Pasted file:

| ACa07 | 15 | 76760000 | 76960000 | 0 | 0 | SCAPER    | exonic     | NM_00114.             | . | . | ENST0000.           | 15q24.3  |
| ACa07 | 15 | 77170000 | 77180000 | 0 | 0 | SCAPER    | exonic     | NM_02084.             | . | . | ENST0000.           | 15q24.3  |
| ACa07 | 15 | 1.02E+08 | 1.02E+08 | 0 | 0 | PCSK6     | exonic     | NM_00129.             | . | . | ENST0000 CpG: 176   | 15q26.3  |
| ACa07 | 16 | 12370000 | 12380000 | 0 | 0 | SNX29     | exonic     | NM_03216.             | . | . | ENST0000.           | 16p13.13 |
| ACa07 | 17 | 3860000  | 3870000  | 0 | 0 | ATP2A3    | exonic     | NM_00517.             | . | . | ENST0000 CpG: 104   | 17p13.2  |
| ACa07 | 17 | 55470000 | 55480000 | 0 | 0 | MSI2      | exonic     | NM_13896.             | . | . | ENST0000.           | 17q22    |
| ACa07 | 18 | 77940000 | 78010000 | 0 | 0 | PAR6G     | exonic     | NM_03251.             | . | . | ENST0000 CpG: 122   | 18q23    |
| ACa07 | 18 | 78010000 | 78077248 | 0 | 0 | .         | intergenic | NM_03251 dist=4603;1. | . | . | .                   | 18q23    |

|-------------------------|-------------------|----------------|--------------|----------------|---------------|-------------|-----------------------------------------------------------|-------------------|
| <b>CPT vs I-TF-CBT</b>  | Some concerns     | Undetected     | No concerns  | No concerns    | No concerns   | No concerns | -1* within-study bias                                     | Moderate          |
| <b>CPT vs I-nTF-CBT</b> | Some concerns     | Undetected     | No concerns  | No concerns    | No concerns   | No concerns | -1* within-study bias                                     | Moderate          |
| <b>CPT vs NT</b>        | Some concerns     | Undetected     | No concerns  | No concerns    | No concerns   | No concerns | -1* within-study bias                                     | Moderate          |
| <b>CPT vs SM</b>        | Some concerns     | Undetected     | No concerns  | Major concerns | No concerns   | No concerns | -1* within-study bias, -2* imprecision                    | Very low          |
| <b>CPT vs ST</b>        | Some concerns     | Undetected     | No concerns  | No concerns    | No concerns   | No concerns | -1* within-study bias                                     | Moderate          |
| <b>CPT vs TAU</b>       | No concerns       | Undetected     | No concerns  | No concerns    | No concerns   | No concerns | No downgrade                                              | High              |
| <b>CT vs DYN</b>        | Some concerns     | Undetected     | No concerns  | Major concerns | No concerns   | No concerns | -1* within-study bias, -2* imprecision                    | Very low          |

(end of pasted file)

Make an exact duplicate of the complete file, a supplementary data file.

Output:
| ACa07 | 15 | 76760000 | 76960000 | 0 | 0 | SCAPER    | exonic     | NM_00114.             | . | . | ENST0000.           | 15q24.3  |
| ACa07 | 15 | 77170000 | 77180000 | 0 | 0 | SCAPER    | exonic     | NM_02084.             | . | . | ENST0000.           | 15q24.3  |
| ACa07 | 15 | 1.02E+08 | 1.02E+08 | 0 | 0 | PCSK6     | exonic     | NM_00129.             | . | . | ENST0000 CpG: 176   | 15q26.3  |
| ACa07 | 16 | 12370000 | 12380000 | 0 | 0 | SNX29     | exonic     | NM_03216.             | . | . | ENST0000.           | 16p13.13 |
| ACa07 | 17 | 3860000  | 3870000  | 0 | 0 | ATP2A3    | exonic     | NM_00517.             | . | . | ENST0000 CpG: 104   | 17p13.2  |
| ACa07 | 17 | 55470000 | 55480000 | 0 | 0 | MSI2      | exonic     | NM_13896.             | . | . | ENST0000.           | 17q22    |
| ACa07 | 18 | 77940000 | 78010000 | 0 | 0 | PAR6G     | exonic     | NM_03251.             | . | . | ENST0000 CpG: 122   | 18q23    |
| ACa07 | 18 | 78010000 | 78077248 | 0 | 0 | .         | intergenic | NM_03251 dist=4603;1. | . | . | .                   | 18q23    |

|-------------------------|-------------------|----------------|--------------|----------------|---------------|-------------|-----------------------------------------------------------|-------------------|
| <b>CPT vs I-TF-CBT</b>  | Some concerns     | Undetected     | No concerns  | No concerns    | No concerns   | No concerns | -1* within-study bias                                     | Moderate          |
| <b>CPT vs I-nTF-CBT</b> | Some concerns     | Undetected     | No concerns  | No concerns    | No concerns   | No concerns | -1* within-study bias                                     | Moderate          |
| <b>CPT vs NT</b>        | Some concerns     | Undetected     | No concerns  | No concerns    | No concerns   | No concerns | -1* within-study bias                                     | Moderate          |
| <b>CPT vs SM</b>        | Some concerns     | Undetected     | No concerns  | Major concerns | No concerns   | No concerns | -1* within-study bias, -2* imprecision                    | Very low          |
| <b>CPT vs ST</b>        | Some concerns     | Undetected     | No concerns  | No concerns    | No concerns   | No concerns | -1* within-study bias                                     | Moderate          |
| <b>CPT vs TAU</b>       | No concerns       | Undetected     | No concerns  | No concerns    | No concerns   | No concerns | No downgrade                                              | High              |
| <b>CT vs DYN</b>        | Some concerns     | Undetected     | No concerns  | Major concerns | No concerns   | No concerns | -1* within-study bias, -2* imprecision                    | Very low          |